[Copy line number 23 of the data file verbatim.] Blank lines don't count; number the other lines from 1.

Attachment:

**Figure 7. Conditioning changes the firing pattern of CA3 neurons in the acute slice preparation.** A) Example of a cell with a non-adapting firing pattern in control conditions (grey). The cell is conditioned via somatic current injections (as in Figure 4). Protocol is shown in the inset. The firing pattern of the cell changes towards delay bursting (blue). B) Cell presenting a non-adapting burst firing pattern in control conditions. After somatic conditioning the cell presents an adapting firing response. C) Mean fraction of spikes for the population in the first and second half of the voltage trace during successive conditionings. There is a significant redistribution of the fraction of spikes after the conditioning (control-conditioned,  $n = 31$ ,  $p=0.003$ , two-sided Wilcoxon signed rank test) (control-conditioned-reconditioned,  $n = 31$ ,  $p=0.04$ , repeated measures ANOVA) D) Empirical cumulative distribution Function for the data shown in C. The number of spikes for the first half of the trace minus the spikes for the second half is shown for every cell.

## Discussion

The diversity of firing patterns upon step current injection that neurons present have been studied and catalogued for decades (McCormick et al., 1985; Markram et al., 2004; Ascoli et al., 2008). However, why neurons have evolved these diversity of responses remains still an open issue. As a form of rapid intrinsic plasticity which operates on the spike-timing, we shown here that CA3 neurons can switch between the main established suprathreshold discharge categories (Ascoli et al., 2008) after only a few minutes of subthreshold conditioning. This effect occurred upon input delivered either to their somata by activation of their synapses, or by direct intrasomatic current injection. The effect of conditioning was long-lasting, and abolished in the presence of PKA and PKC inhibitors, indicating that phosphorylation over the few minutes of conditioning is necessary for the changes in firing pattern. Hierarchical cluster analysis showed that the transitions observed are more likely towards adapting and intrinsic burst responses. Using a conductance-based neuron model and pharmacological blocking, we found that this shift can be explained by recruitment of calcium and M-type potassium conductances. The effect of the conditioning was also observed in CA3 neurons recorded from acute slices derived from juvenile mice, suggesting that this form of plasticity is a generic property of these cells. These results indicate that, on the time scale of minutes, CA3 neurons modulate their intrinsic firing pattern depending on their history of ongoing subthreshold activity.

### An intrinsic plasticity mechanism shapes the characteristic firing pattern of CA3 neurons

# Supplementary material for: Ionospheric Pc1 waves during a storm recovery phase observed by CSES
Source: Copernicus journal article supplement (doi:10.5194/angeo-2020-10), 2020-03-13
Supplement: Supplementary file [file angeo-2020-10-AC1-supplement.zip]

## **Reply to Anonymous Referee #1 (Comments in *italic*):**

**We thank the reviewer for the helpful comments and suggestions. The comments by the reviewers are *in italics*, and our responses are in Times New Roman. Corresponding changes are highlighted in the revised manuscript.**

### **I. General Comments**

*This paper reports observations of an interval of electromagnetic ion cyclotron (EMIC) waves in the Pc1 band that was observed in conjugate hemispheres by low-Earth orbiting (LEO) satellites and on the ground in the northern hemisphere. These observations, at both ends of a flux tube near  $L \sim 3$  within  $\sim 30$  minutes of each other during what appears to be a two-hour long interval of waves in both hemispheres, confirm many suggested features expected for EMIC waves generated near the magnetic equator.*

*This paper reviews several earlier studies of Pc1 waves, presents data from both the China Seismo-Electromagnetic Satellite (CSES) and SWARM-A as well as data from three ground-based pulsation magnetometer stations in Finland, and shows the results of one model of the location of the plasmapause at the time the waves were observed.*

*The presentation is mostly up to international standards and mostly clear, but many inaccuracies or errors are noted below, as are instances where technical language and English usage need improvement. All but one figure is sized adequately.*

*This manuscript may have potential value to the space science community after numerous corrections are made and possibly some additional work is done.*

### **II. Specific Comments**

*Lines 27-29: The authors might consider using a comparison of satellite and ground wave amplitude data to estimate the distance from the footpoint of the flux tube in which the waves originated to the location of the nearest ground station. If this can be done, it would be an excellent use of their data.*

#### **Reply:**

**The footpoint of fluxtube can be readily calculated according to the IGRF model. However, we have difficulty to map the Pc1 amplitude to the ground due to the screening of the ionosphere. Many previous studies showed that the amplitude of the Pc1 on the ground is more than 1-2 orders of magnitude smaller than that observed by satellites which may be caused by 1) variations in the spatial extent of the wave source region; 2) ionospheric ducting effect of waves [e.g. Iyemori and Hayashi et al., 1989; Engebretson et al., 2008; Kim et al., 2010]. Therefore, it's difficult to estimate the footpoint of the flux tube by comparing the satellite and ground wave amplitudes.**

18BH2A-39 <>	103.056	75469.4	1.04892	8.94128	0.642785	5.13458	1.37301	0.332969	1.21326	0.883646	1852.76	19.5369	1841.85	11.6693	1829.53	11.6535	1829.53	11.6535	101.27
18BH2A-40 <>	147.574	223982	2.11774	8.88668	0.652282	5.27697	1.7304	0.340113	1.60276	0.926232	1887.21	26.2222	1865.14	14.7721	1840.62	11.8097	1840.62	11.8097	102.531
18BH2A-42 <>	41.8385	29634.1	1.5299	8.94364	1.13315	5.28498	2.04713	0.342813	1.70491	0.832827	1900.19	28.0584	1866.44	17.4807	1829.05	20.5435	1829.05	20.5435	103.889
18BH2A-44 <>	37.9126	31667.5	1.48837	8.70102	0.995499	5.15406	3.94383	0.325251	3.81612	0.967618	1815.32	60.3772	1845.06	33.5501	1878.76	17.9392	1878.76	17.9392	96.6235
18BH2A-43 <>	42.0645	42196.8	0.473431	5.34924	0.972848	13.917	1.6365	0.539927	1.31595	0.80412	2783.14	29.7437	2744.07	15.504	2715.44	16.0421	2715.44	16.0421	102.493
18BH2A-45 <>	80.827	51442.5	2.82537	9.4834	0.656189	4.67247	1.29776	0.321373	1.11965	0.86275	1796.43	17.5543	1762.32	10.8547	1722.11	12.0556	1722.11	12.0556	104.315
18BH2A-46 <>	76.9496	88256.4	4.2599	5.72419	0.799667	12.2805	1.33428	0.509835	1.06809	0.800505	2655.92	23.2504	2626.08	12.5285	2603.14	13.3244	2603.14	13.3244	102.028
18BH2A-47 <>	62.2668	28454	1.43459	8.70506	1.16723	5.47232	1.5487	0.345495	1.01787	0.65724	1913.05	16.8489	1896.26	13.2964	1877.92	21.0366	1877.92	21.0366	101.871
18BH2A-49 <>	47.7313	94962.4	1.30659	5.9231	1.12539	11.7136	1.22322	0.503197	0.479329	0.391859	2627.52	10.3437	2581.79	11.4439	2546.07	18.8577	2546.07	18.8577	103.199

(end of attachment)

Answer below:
18BH2A-43 <>	42.0645	42196.8	0.473431	5.34924	0.972848	13.917	1.6365	0.539927	1.31595	0.80412	2783.14	29.7437	2744.07	15.504	2715.44	16.0421	2715.44	16.0421	102.493